“This book is dedicated to all the children who have and will attend the Children’s Art Carnival—with the hope that they will become creative, productive, and balanced adults.”
So wrote the late artist and pioneering arts educator Betty Blayton in the dedication of her 1978 handbook on how to introduce children to the arts, a task she understood well after nearly a decade of running the Children’s Art Carnival in Harlem. (A young Jean-Michel Basquiat was one student.)
Blayton came to New York City in the early ’60s and, not long after, moved to a loft on Bond Street in the Lower East Side, reasoning that she needed to be close to where Andy Warhol hung out if she “was going to be the first famous Black artist in America,” as she said in a 2003 interview.
“I had to be where it was happening,” she continued. “But I ended up spending the next 35 years working in Harlem.”
Blayton came to the city looking to be part of something. And then the community she joined ended up looking a lot different than she’d imagined. Nearly a half century later, many of the visual artists in her circle are getting the mainstream attention they never had back then—people like Norman Lewis and Richard Mayhew.
Now, New York’s Mnuchin Gallery is presenting a survey of Blayton’s work, including more than 50 mostly abstract paintings dating from the 1960s to 2015, the year before her death.
The show reflects the holistic, mind-body-and-soul approach she also applied to her work as an education and institution builder—including as the co-founder of the Studio Museum in Harlem.
Installation view, “Betty Blayton: In Search of Grace.” Artwork © The Estate of Betty Blayton. Courtesy of Mnuchin Gallery, New York. Photography by Tom Powel Imaging.
“Comments about her should be about her impact on the world, along with her work,” said the artist Richard Mayhew. “Because her paintings reflect who she is.”
After meeting Blayton in the early ’60s, fellow artist Norma Anderson watched the progression of her work—from her early dabbling in sculpture with their mutual friend Arnold Prince to her later paintings on large, round tondo canvases, many of which are included in the show.
In trying to explain her work to Anderson, Blayton would describe how some pieces were influenced by various spiritual and meditative concepts she’d been exploring. Anderson “never really understood” what Blayton meant, she said, but “it didn’t matter what the ideas were, the paintings really came across beautifully.”
Walking through the show at Mnuchin, any attempt to tie Blayton’s artistic development to a linear timeline quickly falls by the wayside. Probably for that reason, curator Sukanya Rajaratnam grouped the works by style, not date, with earlier pieces positioned as possible influences to more recent ones, proving that some stylistic similarities actually reappear almost 30 or 40 years later. There are suggestions of figuration that ebb and flow throughout, with the mainly circular canvases finding cohesion through Blayton’s expert use of color, structural design, and textural layering.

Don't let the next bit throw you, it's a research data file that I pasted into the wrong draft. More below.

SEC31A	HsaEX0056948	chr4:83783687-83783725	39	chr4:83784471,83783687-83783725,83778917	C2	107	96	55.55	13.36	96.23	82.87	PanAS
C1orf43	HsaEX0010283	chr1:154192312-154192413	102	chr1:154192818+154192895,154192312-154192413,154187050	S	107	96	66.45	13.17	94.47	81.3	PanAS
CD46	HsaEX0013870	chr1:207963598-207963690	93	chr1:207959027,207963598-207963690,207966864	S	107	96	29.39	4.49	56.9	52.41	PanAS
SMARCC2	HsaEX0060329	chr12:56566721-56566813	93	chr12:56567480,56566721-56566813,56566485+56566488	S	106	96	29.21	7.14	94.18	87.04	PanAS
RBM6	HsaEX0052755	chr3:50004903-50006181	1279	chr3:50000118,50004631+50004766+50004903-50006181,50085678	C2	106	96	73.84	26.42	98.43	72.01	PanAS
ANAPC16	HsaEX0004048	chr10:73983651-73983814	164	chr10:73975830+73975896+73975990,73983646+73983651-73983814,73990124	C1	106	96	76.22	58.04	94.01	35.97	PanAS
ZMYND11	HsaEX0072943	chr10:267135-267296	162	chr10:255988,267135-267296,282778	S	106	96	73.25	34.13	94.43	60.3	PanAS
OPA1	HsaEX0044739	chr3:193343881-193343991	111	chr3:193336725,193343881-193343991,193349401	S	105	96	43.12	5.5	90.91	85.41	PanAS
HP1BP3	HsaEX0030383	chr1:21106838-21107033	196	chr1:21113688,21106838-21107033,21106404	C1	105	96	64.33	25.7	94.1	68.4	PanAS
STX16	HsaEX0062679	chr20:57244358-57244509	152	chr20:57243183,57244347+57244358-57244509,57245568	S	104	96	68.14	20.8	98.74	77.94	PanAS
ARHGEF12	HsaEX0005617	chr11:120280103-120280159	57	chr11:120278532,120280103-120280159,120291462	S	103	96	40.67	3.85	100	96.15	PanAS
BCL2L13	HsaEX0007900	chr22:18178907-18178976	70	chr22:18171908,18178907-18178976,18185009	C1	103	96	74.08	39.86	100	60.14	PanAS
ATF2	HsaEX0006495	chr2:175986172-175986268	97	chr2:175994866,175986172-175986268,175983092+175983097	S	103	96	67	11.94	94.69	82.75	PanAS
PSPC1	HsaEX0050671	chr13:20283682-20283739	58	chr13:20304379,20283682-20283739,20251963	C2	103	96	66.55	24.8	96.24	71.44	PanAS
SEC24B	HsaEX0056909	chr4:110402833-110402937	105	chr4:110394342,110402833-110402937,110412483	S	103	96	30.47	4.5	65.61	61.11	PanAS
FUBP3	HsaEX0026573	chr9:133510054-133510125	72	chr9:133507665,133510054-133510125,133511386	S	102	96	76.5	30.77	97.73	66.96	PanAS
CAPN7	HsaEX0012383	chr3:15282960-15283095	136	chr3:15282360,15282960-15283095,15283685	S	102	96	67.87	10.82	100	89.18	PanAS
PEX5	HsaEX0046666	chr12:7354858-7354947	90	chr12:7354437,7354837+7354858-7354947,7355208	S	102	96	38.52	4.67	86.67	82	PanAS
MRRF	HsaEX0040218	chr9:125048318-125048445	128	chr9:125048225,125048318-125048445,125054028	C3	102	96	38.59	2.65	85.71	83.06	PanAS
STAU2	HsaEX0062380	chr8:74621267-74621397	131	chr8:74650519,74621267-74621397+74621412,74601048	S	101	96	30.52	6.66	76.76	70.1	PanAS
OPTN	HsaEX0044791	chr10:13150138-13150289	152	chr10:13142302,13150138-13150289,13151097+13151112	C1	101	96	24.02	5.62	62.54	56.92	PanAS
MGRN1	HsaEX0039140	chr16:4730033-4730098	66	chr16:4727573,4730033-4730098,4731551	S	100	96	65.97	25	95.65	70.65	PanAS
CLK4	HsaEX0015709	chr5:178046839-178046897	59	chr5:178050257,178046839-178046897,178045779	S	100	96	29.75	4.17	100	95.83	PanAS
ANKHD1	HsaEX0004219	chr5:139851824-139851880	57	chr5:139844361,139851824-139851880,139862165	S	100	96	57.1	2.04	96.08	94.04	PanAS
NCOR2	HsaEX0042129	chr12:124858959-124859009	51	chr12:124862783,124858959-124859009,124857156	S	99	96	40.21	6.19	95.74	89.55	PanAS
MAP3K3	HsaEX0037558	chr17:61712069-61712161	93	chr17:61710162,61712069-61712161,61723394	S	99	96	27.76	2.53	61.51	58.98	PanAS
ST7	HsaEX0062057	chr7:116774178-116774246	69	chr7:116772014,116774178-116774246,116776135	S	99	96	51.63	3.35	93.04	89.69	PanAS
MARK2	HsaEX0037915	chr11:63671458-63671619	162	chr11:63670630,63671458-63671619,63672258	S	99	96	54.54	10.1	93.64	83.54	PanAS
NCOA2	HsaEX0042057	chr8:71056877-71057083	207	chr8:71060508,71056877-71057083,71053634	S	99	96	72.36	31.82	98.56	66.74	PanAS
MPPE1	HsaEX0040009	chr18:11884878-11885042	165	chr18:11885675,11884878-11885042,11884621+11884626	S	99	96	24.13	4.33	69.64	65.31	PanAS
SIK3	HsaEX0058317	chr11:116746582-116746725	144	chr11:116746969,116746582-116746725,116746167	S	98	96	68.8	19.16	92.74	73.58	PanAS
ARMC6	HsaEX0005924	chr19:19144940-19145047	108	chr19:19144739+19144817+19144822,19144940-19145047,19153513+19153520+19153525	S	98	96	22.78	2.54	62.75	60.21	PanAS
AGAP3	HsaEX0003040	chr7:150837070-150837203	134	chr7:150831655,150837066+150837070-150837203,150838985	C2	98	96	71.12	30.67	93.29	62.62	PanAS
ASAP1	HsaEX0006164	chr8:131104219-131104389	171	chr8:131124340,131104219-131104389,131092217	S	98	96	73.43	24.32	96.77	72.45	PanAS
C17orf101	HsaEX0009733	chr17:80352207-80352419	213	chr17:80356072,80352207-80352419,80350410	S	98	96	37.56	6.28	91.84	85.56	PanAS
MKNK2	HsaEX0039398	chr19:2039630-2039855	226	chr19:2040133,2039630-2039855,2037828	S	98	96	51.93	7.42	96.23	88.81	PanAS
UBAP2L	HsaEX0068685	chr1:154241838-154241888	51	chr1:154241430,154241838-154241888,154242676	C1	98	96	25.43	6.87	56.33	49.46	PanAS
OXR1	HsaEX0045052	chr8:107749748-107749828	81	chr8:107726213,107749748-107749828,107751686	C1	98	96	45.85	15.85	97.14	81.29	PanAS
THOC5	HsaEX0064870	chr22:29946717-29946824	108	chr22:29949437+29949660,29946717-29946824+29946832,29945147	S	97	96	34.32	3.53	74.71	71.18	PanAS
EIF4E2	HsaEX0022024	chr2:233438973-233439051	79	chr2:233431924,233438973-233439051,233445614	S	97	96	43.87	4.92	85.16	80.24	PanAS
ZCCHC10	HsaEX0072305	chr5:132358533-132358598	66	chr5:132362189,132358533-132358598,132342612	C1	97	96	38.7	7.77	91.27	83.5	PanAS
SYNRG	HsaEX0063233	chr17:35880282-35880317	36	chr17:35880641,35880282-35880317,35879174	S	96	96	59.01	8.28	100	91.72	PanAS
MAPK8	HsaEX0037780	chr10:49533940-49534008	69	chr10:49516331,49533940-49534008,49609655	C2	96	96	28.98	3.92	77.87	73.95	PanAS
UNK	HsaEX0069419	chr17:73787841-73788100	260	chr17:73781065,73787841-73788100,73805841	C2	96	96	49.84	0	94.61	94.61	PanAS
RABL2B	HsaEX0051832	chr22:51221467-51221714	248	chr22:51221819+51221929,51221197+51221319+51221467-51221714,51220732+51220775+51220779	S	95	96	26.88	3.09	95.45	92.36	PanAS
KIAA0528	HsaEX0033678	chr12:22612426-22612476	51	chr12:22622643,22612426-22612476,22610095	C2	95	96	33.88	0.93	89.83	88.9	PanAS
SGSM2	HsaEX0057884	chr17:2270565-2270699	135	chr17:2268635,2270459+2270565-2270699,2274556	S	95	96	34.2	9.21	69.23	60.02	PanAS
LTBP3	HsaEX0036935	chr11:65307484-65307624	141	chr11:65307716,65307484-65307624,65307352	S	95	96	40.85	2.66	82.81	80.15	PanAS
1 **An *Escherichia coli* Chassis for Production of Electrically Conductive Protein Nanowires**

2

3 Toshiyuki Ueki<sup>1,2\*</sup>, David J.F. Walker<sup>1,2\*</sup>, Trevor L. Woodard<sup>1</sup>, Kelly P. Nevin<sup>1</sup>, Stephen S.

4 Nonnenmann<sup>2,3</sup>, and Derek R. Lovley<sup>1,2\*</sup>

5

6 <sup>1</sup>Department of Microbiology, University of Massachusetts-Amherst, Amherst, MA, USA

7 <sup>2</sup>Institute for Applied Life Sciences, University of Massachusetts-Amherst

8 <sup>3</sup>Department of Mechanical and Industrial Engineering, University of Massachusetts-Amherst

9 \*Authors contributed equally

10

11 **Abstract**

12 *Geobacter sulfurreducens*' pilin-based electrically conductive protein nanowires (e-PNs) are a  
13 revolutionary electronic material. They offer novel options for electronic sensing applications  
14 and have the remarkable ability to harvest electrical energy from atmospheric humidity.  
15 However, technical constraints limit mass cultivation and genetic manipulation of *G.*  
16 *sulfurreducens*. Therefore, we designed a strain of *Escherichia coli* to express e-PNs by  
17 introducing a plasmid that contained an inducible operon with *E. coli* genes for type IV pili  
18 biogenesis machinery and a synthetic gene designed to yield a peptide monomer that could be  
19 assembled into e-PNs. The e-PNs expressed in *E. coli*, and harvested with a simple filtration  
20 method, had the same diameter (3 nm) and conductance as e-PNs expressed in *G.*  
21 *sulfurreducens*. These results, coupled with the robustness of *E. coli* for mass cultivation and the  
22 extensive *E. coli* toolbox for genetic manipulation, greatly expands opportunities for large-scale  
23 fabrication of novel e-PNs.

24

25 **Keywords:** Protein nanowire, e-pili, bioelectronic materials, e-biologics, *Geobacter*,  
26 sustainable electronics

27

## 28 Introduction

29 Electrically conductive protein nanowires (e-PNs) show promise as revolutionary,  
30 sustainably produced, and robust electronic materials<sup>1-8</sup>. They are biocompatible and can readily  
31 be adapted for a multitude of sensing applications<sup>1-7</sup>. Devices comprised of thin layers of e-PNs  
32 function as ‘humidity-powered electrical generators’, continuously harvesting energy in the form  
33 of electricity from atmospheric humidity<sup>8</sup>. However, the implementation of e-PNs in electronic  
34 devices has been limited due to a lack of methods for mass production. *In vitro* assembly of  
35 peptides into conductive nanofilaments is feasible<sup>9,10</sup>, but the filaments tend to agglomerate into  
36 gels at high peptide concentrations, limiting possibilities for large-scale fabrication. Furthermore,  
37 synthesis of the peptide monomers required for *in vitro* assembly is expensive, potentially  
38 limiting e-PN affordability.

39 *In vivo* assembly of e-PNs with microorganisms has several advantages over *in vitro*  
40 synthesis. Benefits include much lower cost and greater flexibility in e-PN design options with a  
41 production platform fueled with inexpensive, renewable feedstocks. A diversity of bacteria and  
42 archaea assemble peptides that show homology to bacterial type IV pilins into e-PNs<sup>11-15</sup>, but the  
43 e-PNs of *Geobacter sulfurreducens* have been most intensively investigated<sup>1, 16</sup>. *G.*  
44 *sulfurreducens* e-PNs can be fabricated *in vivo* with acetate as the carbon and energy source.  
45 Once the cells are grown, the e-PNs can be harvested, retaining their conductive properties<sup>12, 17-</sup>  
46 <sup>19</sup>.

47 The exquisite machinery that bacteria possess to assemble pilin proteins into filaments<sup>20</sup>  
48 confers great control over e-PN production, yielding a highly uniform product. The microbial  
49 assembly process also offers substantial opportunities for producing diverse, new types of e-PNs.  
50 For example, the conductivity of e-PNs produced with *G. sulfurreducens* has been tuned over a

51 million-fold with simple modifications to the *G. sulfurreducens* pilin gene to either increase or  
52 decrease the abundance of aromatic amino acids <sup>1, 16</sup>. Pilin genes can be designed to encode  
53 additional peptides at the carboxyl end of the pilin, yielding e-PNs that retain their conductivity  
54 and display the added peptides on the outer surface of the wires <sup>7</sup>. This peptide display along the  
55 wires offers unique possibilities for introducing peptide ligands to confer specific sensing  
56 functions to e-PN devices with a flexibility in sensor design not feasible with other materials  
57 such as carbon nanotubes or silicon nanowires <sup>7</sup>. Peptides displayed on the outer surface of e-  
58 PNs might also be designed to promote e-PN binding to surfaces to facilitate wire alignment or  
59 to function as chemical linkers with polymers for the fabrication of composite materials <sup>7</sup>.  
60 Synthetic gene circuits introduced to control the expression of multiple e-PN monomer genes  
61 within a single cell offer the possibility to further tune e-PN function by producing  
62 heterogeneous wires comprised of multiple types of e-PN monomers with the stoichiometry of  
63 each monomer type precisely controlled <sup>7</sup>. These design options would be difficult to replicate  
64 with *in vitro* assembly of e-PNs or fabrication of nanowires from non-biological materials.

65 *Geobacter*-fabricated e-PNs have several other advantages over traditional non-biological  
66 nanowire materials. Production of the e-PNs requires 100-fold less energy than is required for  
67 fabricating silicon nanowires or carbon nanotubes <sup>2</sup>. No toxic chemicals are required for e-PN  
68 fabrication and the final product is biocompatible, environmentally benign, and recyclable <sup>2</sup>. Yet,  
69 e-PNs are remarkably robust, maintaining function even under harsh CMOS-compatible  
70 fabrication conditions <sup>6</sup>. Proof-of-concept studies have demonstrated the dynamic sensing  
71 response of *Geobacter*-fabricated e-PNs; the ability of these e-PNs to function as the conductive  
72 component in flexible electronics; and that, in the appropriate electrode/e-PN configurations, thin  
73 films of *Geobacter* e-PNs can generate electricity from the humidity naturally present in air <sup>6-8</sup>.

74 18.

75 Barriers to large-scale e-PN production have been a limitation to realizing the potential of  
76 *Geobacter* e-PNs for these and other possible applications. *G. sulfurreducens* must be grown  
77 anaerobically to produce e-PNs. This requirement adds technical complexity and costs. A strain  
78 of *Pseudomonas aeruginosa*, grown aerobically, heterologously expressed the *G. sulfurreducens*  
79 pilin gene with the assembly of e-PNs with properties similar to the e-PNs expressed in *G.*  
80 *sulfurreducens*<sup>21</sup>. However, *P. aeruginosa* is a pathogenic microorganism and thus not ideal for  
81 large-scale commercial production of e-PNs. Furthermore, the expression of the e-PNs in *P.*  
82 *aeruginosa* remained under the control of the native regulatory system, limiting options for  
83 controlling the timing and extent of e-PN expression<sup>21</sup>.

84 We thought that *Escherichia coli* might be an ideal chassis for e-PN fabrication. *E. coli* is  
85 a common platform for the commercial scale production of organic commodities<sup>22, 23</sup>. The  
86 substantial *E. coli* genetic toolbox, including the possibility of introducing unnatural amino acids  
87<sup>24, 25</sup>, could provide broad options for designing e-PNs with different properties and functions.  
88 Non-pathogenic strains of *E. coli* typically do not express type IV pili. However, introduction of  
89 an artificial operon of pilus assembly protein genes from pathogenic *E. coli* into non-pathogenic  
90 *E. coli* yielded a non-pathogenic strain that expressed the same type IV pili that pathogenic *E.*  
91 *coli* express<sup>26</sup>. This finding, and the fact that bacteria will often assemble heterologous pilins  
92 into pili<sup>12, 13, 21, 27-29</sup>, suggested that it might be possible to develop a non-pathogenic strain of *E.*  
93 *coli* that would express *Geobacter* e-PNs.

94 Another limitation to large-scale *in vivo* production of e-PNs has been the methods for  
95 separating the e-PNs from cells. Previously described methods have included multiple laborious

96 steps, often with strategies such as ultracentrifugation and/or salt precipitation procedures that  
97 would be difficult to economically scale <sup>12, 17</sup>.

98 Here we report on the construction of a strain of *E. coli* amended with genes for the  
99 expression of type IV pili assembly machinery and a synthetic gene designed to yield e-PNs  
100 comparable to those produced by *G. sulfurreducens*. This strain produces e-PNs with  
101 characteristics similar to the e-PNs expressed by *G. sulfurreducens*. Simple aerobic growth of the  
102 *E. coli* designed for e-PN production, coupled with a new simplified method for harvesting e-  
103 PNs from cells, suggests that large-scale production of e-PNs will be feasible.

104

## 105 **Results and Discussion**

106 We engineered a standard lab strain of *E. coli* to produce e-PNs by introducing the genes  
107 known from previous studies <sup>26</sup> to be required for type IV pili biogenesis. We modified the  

Betty Blayton, Consciousness Traveling (2012). © The Estate of Betty Blayton. Courtesy of Mnuchin Gallery, New York. Photography by Timothy Doyon.
For a long time, Blayton’s art practice was overshadowed by her renown as an educator. When stepping into that role, especially as a woman, people couldn’t see much else.
Blayton’s first big show, at the Elizabeth Dee Gallery in Harlem, only came a year after her death.
Rajaratnam previously organized exhibitions for David Hammons, Sam Gilliam, Alma Thomas, and Mary Lovelace O’Neal at Mnuchin, and got the idea for the Blayton show after “looking at artists who hadn’t made the cut” into the landmark museum exhibition “Soul of a Nation: Art in the Age of Black Power.”
“Betty’s name came up,” Rajaratnam said. “There were quite a few women who were left out of that narrative and were integral to the conversation around this period.”
As much as is the case now, a point of commonality among these artists washow they operated from a position of disadvantage. For many, including Blayton, they chose to start work as art educators mainly out of necessity.
They were “keeping on and doing what you need to do to be in an environment in which the support systems are so scarce,” said Susan Stedman, an artist and arts administrator who knew Blayton, “with a dearth of professional opportunities among galleries and curators and institutions.”
To make ends meet, Blayton worked as a recreation counselor at the New York City department of welfare, along with Anderson. Their friendship gave them a “feeling like ‘I’m a group of people that knows what it’s all about,” Anderson said.